Smoked meat, matzo, bagels and blintz: June's serves comfort food classics

A 107-year-old brick building in a quaint neighbourhood seems the right home for a place like June's Delicatessen. 

This daytime dining joint does not disappoint

The blintz, a buckwheat crepe was filled with a mix of cottage and cream cheese and served with silky apple butter and fresh fruit. (Twyla Campbell/CBC)

A 107-year-old brick building in a quaint neighbourhood seems the right home for a place like June's Delicatessen. 

Nate Box and Mike Forgie of Black Box Hospitality Group named the deli after Mike's mom, who, like the space is vibrant, welcoming and cool.

Like other restaurants in the Black Box portfolio, June's is all about detail and quality. Judging by the lineups, I suspect the deli will be a hit — especially for residents of the Highlands neighbourhood where it's located. 

June's is a daytime dining joint: breakfast, lunch and drinks are served until 4 p.m. The restaurant is closed Mondays.

For people desperately seeking Jewish comfort foods — meaty sandwiches, earthy soups, bagels, blintzes and the like — take heart, you'll find both Ashkenazi (eastern Europe) and Sephardic (Middle Eastern, north African and Mediterranean) offerings here. 

Israeli couscous, the chewy, pea-sized pasta, is the main feature in the Levant salad, named for the region that comprises Israel, Jordan, Lebanon, Palestine, Syria and parts of Turkey.

The pasta is mixed with marinated cucumbers, mint leaves and pieces of orange and is presented on a thick swathe of strained yogurt called labneh. Earthy and toasty notes are added with a scattering of za'atar, a mix of spices and sesame seeds. 

The matzo ball soup is layered is layered with thyme and oregano, and filled to the brim with plump dumplings. The Reuben sandwich was tasty but small. (Twyla Campbell/CBC)

With Allan Suddaby in the kitchen, it should come as no surprise the dishes at June's are thoughtful and meticulously executed. They're also unpretentious and wholly satisfying.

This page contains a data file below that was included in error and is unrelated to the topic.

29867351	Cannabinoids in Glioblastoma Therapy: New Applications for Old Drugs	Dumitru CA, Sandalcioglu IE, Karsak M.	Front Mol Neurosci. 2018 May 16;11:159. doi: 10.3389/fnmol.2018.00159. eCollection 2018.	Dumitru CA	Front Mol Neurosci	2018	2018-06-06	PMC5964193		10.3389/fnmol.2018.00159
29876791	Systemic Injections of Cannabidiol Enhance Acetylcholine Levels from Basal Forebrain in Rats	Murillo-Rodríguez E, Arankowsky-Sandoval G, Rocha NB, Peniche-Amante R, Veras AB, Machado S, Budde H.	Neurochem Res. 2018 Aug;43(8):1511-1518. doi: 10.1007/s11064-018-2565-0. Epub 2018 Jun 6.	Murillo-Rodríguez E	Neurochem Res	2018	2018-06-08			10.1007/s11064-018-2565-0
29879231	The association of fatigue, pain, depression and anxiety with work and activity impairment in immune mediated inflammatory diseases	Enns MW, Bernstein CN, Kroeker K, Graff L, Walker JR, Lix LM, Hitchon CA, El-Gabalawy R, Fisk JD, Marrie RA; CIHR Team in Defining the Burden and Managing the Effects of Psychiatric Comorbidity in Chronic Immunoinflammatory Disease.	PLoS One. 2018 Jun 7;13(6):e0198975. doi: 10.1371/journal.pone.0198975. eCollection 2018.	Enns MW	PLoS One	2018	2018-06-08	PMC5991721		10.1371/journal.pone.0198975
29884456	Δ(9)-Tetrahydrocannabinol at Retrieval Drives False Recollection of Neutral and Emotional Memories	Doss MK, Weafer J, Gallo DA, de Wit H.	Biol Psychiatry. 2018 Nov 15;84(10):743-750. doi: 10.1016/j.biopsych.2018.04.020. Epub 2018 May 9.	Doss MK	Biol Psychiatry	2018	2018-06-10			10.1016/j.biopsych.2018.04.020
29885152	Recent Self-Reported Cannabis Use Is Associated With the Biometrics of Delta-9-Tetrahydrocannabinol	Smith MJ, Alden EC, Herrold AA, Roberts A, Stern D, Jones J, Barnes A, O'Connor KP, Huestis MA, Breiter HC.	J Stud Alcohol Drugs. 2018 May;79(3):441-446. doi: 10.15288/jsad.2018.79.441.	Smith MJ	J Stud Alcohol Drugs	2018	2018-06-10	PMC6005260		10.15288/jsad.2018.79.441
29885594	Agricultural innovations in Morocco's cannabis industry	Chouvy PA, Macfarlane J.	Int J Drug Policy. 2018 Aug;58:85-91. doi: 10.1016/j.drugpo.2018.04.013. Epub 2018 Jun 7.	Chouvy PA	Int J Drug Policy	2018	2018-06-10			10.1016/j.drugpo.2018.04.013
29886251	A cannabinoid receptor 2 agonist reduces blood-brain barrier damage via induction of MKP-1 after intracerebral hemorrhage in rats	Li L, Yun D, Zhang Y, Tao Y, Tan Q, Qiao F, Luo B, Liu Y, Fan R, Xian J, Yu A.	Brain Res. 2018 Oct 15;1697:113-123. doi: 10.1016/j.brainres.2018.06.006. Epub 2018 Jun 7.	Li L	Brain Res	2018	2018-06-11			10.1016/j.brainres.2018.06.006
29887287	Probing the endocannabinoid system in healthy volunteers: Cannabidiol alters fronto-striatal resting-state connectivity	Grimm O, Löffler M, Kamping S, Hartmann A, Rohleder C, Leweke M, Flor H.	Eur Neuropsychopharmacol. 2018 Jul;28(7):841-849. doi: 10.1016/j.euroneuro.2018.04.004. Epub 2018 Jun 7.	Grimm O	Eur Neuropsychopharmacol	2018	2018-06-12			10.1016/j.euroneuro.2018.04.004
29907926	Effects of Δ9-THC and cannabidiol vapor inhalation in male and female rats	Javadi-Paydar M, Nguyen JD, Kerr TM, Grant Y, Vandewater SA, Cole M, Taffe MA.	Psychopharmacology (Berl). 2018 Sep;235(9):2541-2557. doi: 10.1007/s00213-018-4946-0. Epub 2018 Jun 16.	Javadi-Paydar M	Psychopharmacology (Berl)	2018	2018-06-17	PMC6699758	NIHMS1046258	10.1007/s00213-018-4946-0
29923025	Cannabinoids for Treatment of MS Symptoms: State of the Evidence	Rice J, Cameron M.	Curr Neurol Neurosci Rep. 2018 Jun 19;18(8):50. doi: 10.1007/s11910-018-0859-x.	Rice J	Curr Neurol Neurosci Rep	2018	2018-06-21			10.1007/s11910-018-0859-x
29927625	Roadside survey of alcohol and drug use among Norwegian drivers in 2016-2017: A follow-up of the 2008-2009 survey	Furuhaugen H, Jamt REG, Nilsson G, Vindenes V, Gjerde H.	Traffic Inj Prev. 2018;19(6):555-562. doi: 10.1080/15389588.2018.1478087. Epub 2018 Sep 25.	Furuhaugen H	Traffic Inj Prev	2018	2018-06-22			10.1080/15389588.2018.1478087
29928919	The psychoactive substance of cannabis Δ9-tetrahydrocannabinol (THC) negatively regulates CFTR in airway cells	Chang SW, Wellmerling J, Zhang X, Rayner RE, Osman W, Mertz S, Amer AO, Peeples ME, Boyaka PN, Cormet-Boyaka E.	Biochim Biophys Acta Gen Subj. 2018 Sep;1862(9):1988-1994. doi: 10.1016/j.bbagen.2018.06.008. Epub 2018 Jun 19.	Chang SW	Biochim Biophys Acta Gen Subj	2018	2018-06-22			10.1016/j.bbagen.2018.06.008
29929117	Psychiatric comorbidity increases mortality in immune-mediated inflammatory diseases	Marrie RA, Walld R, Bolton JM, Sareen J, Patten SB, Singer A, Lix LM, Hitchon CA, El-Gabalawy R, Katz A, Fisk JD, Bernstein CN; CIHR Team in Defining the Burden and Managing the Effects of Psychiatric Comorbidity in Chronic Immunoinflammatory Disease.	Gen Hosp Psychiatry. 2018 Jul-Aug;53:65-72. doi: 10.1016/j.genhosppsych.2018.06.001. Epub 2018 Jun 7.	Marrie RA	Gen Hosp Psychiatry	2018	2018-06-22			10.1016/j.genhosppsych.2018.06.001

The heady broth in the matzo ball soup is layered with thyme and oregano. The dumplings, which fall into the sinker — as opposed to floater — category, taste of matzo meal and schmaltz (rendered chicken fat flavoured with onion).

    The soup is pleasing on all counts and, importantly, it meets the approval of my dining companion, a Toronto-born Jewish chef, who makes a mean matzo ball soup himself.

    I learned from Suddaby that his matzo ball recipe is that of the late chef Gail Hall, who was an integral part of the Edmonton food scene for decades. It's this type of thoughtfulness that I've long admired in Suddaby, who approaches recipes and cooking from the standpoints of both historian and scientist.

    What's more, Suddaby has never been a chef to insert ego into recipes. You won't find his foods deconstructed, finished with foams or made to look like something they're not. 

    The Levant salad, mixed with marinated cucumbers, mint leaves and pieces of orange, was earthy and delicious. (Twyla Campbell/CBC)

    He does take some creative licence, though, with the "Wilensky," the legendary sandwich from Wilensky's Light Lunch in Montreal. Suddaby uses marble rye instead of a white roll, adds American cheese and, shockingly, cuts the sandwich in half rather than leaving it whole.

    He stays true to legend by using all beef salami and all beef bologna and, like the original, the sandwich arrives so hot you'll need to let it cool before digging in. 

    If ever there was someone to loose a mountainous smoked meat sandwich in this city, I was hoping it would be the crew at June's.

    But the Reuben sandwich, tasty as it is with tender, tangy made in-house corned beef topped with sauerkraut and gruyere, needs to double in size before it is truly something to exalt.

      A mark of a good smoked meat sandwich, after all, is the challenge of fitting it into one's mouth. 

      That shortcoming is not enough to make me stay away, though. The blintz, a buckwheat crepe filled with a mix of cottage and cream cheese and served with silky apple butter and fresh fruit, is reason alone to return, as is the delightful setting and the helpful staff. 

      Now that winter has arrived, access to June's is from the main entry of the Gibbard Block facing 112th Avenue. The two main doors to the restaurant that were used up until last month are now locked to prevent cold blasts from cooling both customer and food.

      At least now, if there is a lineup, you can stay warm in the building's beautifully renovated lobby.

      Find June's Delicatessen at 6427 112 Ave. ​​​​​​

      You can hear Campbell's reviews on Edmonton AM every second Friday. You can also see more of her reviews on her blog, Weird Wild and Wonderful, and can follow her on Twitter at @wanderwoman10.


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